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Sigue Sigue Sputnik

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Sigue Sigue Sputnik
Sigue Sigue Sputnik, 1986.
Sigue Sigue Sputnik, 1986.
Background information
Also known asSci-Fi Sex Stars
OriginLondon, England[1]
Years active
  • 1982–1990
  • 1995
  • 1998–2004
Past members

Sigue Sigue Sputnik were a British new wave band formed in 1982 by former Generation X bassist Tony James. The band have had three UK top-40 hit singles, including "Love Missile F1-11" and "21st Century Boy".

The band's music, image and inspiration drew from a range of electronic and glam bands such as Suicide and the New York Dolls.[6]


Early years[edit]

Tony James in San Francisco, 1986

The band, which is often just called "Sputnik",[7] was formed by Tony James, ex-bassist of the defunct Generation X,[7][8] and Neal X (Whitmore), who recruited singer Martin Degville. Degville was a clothes designer and supplied the band's wardrobe, and YaYa, the store where he worked, became the band's base.[7] Their first gig was in Paris, supporting Johnny Thunders, with James' former Generation X colleague and then drummer for Thunders, Mark Laff, on drums.[7]

Mick Jones, formerly of the Clash, worked with the band as live sound engineer, helped manipulate their sound, and appeared with them when they opened for New Model Army.[7] Fachtna O'Kelly, manager of the Boomtown Rats who had provided much of the band's equipment, provided the band with the name Sigue Sigue Sputnik, as a supposed reference to a Russian street gang and meaning, in rough translation "burn, burn satellite" ("sigue" coming from a form of the Russian verb сжигать, meaning burn, and Sputnik referencing the first man-made satellite launched by the Soviet Union in 1957).[7][8] The band's sound was, according to James, arrived at by accident, when he inadvertently mixed elements of film soundtracks with their demo track "Love Missile F1-11" while putting together a video compilation from his favourite films.[7]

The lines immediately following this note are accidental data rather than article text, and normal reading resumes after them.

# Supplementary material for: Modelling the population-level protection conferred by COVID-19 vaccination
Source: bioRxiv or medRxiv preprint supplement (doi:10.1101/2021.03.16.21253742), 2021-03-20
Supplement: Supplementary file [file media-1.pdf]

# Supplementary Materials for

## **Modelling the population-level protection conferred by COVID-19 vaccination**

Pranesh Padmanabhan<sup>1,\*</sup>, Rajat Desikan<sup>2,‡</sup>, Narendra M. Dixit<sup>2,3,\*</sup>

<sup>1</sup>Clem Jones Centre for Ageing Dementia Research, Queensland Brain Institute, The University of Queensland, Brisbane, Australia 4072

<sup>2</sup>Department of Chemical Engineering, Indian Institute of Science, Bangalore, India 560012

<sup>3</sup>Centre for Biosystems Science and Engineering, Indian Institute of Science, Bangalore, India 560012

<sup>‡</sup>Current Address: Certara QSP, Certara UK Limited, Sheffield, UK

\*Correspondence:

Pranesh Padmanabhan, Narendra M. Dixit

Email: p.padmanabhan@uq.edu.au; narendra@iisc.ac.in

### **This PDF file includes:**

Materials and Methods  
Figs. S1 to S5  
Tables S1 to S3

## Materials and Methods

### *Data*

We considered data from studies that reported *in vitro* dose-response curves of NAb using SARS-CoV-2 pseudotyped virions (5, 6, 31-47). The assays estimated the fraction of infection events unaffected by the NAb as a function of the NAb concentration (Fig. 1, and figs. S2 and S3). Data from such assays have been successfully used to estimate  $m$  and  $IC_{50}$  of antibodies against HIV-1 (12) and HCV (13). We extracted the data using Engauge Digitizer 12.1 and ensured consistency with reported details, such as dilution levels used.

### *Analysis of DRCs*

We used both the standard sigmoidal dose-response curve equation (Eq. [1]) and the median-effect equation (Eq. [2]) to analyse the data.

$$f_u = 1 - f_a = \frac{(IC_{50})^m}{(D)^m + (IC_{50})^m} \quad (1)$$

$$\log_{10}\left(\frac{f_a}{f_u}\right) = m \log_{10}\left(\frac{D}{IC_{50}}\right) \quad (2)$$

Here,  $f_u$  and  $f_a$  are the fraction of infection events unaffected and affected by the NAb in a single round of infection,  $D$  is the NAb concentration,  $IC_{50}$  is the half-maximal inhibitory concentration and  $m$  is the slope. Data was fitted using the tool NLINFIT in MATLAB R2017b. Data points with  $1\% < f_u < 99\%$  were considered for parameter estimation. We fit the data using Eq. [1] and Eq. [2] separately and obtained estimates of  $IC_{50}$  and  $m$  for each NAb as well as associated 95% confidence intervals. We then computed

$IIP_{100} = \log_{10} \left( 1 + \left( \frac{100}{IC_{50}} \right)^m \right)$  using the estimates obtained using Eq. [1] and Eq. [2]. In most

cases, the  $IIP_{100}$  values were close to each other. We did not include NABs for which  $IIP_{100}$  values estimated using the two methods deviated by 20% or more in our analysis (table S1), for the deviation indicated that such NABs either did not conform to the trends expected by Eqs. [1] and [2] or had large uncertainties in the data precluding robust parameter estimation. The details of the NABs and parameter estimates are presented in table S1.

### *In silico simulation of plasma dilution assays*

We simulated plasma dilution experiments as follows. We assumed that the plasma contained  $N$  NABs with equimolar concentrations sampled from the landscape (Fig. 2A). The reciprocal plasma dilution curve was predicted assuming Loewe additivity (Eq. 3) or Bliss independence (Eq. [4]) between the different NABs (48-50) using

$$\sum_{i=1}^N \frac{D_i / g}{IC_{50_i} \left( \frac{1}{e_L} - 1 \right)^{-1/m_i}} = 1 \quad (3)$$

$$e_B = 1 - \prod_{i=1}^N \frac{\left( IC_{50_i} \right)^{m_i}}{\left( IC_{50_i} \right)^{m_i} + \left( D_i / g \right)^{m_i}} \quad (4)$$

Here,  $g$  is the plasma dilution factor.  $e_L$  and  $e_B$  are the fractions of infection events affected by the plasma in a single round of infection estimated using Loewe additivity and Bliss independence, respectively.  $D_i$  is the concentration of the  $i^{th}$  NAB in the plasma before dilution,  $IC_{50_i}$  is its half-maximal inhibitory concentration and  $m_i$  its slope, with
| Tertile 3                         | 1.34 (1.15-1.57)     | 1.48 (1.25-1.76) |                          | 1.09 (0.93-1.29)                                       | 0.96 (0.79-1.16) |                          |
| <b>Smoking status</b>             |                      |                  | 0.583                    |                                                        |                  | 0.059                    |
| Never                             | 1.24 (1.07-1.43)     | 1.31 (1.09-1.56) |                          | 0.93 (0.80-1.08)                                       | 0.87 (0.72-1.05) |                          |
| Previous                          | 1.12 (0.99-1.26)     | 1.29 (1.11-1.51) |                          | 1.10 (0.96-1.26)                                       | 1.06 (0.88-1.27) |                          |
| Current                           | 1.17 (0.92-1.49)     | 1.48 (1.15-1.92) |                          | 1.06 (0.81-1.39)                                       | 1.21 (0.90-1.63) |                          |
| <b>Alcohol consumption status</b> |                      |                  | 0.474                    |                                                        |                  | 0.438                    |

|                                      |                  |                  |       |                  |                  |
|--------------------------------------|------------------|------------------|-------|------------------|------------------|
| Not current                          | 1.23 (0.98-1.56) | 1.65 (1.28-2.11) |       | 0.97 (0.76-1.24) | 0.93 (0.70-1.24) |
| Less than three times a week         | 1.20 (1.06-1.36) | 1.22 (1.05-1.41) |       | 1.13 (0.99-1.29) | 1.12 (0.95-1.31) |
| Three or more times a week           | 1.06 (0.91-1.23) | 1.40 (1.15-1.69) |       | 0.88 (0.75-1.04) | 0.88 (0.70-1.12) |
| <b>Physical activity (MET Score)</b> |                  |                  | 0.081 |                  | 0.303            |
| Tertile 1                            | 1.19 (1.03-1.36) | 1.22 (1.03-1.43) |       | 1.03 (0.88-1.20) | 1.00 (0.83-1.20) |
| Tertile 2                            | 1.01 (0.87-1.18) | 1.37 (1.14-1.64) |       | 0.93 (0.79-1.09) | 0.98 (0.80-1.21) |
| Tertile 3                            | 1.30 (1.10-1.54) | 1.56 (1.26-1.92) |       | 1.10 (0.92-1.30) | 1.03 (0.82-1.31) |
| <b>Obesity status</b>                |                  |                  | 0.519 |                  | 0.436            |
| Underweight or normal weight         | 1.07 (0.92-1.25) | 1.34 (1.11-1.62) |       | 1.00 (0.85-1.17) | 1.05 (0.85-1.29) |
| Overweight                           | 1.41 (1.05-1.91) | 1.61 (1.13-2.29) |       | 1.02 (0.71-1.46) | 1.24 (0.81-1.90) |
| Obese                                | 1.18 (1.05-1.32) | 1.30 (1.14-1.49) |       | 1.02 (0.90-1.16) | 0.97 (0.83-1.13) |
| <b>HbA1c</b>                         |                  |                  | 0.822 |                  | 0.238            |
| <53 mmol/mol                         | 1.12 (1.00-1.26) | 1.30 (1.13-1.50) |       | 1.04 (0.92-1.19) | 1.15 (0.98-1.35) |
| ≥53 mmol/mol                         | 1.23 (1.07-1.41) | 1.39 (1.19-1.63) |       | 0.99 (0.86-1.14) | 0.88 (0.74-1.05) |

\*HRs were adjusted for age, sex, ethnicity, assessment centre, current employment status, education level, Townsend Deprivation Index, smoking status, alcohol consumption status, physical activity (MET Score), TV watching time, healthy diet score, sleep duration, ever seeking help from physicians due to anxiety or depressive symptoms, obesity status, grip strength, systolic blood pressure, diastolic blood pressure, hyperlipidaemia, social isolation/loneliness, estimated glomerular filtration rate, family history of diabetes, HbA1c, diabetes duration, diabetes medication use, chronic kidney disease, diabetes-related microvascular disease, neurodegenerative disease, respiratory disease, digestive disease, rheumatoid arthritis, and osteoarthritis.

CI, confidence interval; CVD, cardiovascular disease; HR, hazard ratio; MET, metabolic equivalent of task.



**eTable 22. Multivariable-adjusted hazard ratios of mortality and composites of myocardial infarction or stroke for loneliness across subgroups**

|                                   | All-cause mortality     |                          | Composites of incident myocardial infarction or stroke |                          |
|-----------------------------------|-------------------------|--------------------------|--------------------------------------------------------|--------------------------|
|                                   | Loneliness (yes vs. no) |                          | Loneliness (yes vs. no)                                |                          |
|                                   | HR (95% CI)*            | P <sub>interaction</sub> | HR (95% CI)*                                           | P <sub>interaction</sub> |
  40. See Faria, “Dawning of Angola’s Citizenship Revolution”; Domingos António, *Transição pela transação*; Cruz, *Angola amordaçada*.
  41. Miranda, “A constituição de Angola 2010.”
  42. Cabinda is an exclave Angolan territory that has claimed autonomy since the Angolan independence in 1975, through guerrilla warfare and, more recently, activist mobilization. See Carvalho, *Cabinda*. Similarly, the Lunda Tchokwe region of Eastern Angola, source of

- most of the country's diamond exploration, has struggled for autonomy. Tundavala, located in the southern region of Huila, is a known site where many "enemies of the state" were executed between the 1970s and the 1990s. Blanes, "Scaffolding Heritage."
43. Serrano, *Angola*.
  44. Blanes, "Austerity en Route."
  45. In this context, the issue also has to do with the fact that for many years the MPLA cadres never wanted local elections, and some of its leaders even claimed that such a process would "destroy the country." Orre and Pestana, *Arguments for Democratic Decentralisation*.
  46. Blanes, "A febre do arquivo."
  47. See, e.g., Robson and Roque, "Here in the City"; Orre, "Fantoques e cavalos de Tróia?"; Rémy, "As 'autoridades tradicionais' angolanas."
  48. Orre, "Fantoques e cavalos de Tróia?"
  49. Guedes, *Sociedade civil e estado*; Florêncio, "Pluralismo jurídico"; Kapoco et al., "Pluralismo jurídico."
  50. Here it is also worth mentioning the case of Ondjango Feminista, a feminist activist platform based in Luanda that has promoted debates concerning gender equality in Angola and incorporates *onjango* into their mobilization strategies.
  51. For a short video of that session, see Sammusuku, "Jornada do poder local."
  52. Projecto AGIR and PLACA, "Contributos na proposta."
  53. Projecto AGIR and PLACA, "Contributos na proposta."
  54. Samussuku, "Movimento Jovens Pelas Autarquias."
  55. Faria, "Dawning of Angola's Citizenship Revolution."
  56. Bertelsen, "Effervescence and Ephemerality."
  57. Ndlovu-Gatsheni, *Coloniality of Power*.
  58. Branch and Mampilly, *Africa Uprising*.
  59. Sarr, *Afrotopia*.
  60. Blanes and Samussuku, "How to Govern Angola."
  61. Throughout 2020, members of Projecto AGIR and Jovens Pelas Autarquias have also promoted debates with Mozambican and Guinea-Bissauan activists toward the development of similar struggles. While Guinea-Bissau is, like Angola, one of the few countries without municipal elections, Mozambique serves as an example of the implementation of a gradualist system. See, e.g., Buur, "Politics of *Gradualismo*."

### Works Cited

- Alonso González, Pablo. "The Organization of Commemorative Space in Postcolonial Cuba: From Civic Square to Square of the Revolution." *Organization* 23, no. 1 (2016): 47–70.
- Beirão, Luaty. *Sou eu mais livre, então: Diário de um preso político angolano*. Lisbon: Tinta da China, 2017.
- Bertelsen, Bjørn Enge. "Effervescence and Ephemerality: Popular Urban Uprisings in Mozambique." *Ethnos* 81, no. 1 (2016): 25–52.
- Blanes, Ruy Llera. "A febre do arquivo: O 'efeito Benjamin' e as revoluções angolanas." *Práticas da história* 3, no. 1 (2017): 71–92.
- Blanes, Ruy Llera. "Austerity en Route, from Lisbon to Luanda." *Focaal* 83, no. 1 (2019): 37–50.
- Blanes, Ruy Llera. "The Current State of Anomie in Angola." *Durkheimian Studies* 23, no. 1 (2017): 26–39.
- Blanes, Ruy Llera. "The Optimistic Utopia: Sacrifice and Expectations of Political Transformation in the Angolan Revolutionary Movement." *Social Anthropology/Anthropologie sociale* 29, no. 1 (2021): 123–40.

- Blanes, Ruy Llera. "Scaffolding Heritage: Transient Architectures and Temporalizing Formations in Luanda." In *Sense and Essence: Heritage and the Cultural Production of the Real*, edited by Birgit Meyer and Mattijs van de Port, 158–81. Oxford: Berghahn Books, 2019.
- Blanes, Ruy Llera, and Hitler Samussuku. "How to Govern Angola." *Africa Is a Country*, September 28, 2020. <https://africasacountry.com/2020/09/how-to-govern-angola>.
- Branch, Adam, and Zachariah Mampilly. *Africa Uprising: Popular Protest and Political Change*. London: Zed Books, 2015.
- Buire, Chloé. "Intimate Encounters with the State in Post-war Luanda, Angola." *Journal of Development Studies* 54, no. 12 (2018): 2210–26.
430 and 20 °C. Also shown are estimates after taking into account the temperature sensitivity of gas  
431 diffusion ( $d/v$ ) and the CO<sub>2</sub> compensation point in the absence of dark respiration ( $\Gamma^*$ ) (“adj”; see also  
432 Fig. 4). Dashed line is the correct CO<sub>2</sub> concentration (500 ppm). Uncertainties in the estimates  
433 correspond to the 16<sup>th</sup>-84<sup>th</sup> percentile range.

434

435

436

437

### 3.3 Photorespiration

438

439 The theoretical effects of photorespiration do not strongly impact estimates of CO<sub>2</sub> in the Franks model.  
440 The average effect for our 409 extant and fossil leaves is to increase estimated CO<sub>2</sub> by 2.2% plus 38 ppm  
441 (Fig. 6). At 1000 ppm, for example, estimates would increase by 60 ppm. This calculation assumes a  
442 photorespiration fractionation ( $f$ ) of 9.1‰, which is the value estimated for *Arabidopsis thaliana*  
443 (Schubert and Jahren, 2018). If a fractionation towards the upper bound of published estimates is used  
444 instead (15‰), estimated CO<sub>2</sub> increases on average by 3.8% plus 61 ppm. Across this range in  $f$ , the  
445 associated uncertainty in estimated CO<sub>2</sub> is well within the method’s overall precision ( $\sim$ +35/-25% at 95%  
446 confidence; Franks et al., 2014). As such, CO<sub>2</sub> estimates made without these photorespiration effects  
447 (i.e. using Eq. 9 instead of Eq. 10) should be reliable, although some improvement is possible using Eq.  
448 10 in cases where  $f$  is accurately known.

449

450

Commercial success (1984–1989)[edit]

Interest in the band increased sharply in 1984 after James was interviewed by the NME, with several record companies sending representatives to their next performance at the Electric Cinema in London, and they were invited to perform on The Tube.[7] The band were signed by EMI, with the band themselves claiming in the press that they had signed for £4 million, though in fact revealed to be £350,000.[9] James wanted the band to be produced by David Bowie or Prince, with the latter rejecting the offer because the band's material was "too violent."[10] Also shortlisted were John Carpenter and Giorgio Moroder because of their soundtrack work.[10] The band's first single, the Moroder-produced "Love Missile F1-11", was released in February 1986, and reached number 3 in the UK Singles Chart, number 2 in South Africa and was a major hit in several countries in Europe and Asia.[7][6] Its popularity was boosted by its inclusion in the John Hughes film Ferris Bueller's Day Off. The samples used in the single had not received copyright clearance, and were replaced in the US version,[7] a move that James says "killed the record" in America.[10]

Their second single, "21st Century Boy" reached number 20 in the UK, a relative disappointment James blamed on audiences tiring of the band due to overexposure in the media.[10] Despite largely negative reviews, their debut studio album, Flaunt It, also produced by Moroder, made the top ten in the UK, and reached 96 in the US.[7] The album included paid commercials between tracks,[11] James stated prior to its release that they would sell 20–to-30-second advertising slots for between $2,500 and $7,000.[12] He explained this by saying "commercialism is rampant in society. Maybe we're a little more honest than some groups I could mention," and "our records sounded like adverts anyway".[13][14] Advertisements that did sell (including spots for i-D Magazine and Studio Line from L'Oréal) were complemented by ironic spoof ads including one for the Sputnik corporation itself claiming that "Pleasure is our Business".[6] A subsequent tour was characterised by poor ticket sales and crowd violence,[15] but James claimed the tour was also affected by an alleged vendetta by the UK tabloid Daily Mirror, which created a negative public perception of the band as a live act.[10]

It was two years before the band followed this up, and subsequent releases fared less well. The Stock Aitken Waterman produced "Success" peaked at number 31 in late 1988, with James blaming the track's underperformance on its generic pop production and a poor quality video.[10] The singles that followed peaked outside the top 40.[7] Second album Dress for Excess peaked at number 53 in the UK but sold well in Brazil.[7] The band split up in July 1989, with James joining The Sisters of Mercy later that year.[7] Chris Kavanagh went on to Big Audio Dynamite II joining Mick Jones.[6] Mayhew formed Mayhem Deranged.